U.S. Army Spc. Tyler Jeffries spent most of last year in Afghanistan, on dusty, hot patrols in the villages outside Kandahar. Last fall, on Oct. 6, his tour ended three months early.

"I was clearing an area and I had the metal detector. Then we had word that there was two guys coming toward our position," Jeffries recalled later that month.

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Planet Money
12:09 pm
Tue February 19, 2013

Beer Map: Two Giant Brewers, 210 Brands

Lam Thuy Vo / NPR

Originally published on Wed February 20, 2013 3:10 pm

In the past decade, a few big beer companies went on a buying spree, spending some $195 billion to buy up brewers around the world, according to Bloomberg.

Beer drinkers can be excused for not noticing. Unlike, say, airlines, which fold their acquisitions into one big, global brand, big beer companies tend to keep the brands they buy in the market.

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The Two-Way
11:45 am
Tue February 19, 2013

Like Facebook, Apple Says It Was Attacked By Hackers

People walk past the Apple logo at the Apple Store at Grand Central Terminal in New York.
Timothy A. Clary AFP/Getty Images

Originally published on Tue February 19, 2013 11:49 am

Apple said today that the computers of some of its employees were attacked by hackers, who used the same vulnerability to access computers at Facebook.

All Things D reports:

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Intelligence Squared U.S.
11:39 am
Tue February 19, 2013

Should We Prohibit Genetically Engineered Babies?

Nita Farahany and Lee Silver argue against the motion "Prohibit Genetically Engineered Babies" during an Intelligence Squared U.S. debate.
Samuel LaHoz

Originally published on Tue February 19, 2013 12:59 pm

  • Listen To The Full Audio Of The Debate
  • Listen To The Broadcast Version Of The Debate

What if, before your children were born, you could make sure they had the genes to be taller or smarter? Would that tempt you, or would you find it unnerving?

What if that genetic engineering would save a child from a rare disease?

As advancements in science bring these ideas closer to reality, a group of experts faced off two against two in an Intelligence Squared U.S. debate on the proposition: "Prohibit Genetically Engineered Babies."

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Planet Money
11:18 am
Tue February 19, 2013

Why Buying A Car Never Changes

Kevork Djansezian Getty Images

Originally published on Tue February 19, 2013 3:42 pm

"Buying a car sucks," Scott Painter says. "It's something that most consumers fear."

Back in the '90s, Painter started a company to try to change this. "The name of the company was Cars Direct," he says. "The mission was to sell cars directly."

Painter wanted his company to build virtual dealerships that would let people go online and buy cars. But after talking with a few car execs, he realized nobody would even consider his idea.

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The Two-Way
11:17 am
Tue February 19, 2013

VIDEO: First 'Unassisted' Backflip By A Car?

Driver Guerlain Chicherit in his Mini Countryman, doing a backflip on Sunday in France.
Thierry Guillot Maxppp /Landov

Originally published on Tue February 19, 2013 11:53 am

Driving a modified Mini Cooper Countryman, French rally driver Guerlain Chicherit has successfully pulled off what's said to be the first "unassisted" backflip by a car.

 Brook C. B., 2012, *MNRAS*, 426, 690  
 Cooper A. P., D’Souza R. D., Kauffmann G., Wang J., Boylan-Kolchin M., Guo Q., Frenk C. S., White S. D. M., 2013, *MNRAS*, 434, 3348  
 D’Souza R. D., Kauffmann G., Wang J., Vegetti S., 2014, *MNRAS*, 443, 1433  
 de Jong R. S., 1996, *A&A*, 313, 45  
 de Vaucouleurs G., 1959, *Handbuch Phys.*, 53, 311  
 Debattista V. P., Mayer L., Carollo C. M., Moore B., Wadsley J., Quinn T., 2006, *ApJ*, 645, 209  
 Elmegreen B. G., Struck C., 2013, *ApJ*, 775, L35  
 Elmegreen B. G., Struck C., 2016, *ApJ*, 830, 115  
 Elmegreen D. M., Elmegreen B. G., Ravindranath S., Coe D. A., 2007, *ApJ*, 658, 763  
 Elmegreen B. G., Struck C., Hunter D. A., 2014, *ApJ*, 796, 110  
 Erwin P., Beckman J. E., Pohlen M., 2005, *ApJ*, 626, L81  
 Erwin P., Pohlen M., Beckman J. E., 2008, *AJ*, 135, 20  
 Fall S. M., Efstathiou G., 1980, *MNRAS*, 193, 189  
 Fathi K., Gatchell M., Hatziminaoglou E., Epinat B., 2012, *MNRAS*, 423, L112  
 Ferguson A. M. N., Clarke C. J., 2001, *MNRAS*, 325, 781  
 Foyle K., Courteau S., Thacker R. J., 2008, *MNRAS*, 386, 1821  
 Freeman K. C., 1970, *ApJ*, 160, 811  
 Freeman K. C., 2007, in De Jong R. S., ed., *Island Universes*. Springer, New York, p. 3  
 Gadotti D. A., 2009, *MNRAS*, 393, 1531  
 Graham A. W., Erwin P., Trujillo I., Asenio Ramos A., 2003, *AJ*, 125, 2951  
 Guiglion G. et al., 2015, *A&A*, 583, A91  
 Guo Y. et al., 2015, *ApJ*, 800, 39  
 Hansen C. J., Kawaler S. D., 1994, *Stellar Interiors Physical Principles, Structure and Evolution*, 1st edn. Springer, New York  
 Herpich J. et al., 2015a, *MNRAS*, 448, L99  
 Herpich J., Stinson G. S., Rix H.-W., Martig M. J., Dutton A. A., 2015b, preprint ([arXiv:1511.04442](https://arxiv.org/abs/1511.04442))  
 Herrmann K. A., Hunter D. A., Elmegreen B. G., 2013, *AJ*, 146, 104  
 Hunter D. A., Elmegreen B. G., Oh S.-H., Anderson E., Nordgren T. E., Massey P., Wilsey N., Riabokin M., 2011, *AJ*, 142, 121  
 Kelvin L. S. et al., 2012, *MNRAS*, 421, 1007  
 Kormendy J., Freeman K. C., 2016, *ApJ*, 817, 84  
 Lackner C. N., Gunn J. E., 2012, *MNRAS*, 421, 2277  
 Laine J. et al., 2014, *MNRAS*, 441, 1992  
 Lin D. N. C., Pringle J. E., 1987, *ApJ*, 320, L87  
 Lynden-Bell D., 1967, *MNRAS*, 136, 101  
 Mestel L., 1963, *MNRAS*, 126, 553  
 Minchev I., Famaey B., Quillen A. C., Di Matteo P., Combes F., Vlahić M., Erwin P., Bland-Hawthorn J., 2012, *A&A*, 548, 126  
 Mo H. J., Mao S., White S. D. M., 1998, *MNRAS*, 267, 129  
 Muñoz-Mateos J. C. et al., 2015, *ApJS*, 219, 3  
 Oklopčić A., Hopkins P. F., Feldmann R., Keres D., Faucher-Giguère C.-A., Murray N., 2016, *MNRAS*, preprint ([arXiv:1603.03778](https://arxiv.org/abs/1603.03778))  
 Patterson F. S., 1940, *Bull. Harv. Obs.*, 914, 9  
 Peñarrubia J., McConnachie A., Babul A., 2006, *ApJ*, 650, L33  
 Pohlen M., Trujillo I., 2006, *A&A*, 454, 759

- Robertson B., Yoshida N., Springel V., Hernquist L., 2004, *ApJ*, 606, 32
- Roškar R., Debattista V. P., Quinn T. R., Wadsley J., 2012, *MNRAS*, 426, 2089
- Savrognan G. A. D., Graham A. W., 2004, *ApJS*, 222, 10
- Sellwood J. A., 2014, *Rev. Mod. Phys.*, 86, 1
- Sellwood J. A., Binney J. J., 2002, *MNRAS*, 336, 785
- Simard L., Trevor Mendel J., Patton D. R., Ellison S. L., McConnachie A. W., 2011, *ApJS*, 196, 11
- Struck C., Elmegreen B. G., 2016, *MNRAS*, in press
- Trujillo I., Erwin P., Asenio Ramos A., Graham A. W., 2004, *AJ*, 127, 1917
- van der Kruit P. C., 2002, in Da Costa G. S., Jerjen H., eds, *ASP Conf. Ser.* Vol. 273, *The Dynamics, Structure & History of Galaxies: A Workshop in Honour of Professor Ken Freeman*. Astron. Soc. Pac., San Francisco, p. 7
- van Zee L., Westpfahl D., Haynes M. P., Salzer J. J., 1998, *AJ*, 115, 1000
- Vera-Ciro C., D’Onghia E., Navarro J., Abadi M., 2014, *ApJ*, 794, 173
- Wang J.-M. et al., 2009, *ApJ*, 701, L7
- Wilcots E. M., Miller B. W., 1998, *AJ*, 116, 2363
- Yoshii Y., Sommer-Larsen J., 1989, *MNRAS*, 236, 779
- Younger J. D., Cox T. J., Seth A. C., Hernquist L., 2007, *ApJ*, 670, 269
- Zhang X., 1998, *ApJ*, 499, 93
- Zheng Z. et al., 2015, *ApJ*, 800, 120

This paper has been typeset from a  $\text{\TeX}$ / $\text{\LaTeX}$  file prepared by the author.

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Around the Nation
11:15 am
Tue February 19, 2013

What's Driving The Violence In Chicago

Transcript

CELESTE HEADLEE, HOST:

This is TALK OF THE NATION. I'm Celeste Headlee, in Washington. Neal Conan is away. At the urging of local groups, President Obama went home to Chicago last week to talk about urban violence in a city that recorded more than 40 murders just last month, among them the high-profile killing of Hadiya Pendleton.

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Digital Life
11:10 am
Tue February 19, 2013

Social Media And Work: Is It Ever OK To Complain Online?

Originally published on Tue February 19, 2013 11:52 am

Transcript

CELESTE HEADLEE, HOST:

This is TALK OF THE NATION. I'm Celeste Headlee, filling in for Neal Conan from Washington. These days Facebook and Twitter are almost ubiquitous, and online our friends and family members are just as likely to talk about their jobs as their children and spouses.

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Opinion
11:10 am
Tue February 19, 2013

Op-Ed: It's Time To Recognize The Valor Of Cyber Warfare

Originally published on Tue February 19, 2013 11:47 am

Transcript

CELESTE HEADLEE, HOST:

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Shots - Health News
11:00 am
Tue February 19, 2013

British Man Dies From SARS-Like Virus In U.K. Hospital

Coronaviruses have a characteristic crown of tentacles when viewed under the electron microscope.
BSIP UIG via Getty Images

The sixth person has died from a new kind of virus that causes symptoms similar to SARS, a hospital in the U.K. said in a statement Tuesday.

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The Two-Way
10:50 am
Tue February 19, 2013

A Chinese Army Outpost That's Tucked Into Modern Shanghai

This 12-story building houses a Chinese military unit allegedly behind dozens of cyberattacks on U.S. and other Western companies. It's in a modern, if bland, part of Shanghai.
Peter Parks AFP/Getty Images

Originally published on Tue February 19, 2013 11:44 am

Some people in Shanghai — especially the foreigners — think the city's new Pudong section of town is dull, without character and profoundly unfashionable.

Twenty years ago, Pudong was mostly farms and warehouses. Today, it's home to those sleek glass-and-steel skyscrapers that have come to define the city's skyline in movies like Skyfall and Mission: Impossible III.

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The Two-Way
10:34 am
Tue February 19, 2013

Tunisian Prime Minister Steps Down Amid Crisis

Tunisian Prime Minister Hamadi Jebali.
Fethi Belaid AFP/Getty Images

Tunisian Prime Minister Hamadi Jebali announced his resignation during a news conference today, the BBC reports.

Jebali resigned after days of protests erupted in the country. As we've reported, thousands of Tunisians took the streets to protest the assassination of Jebali's opponent.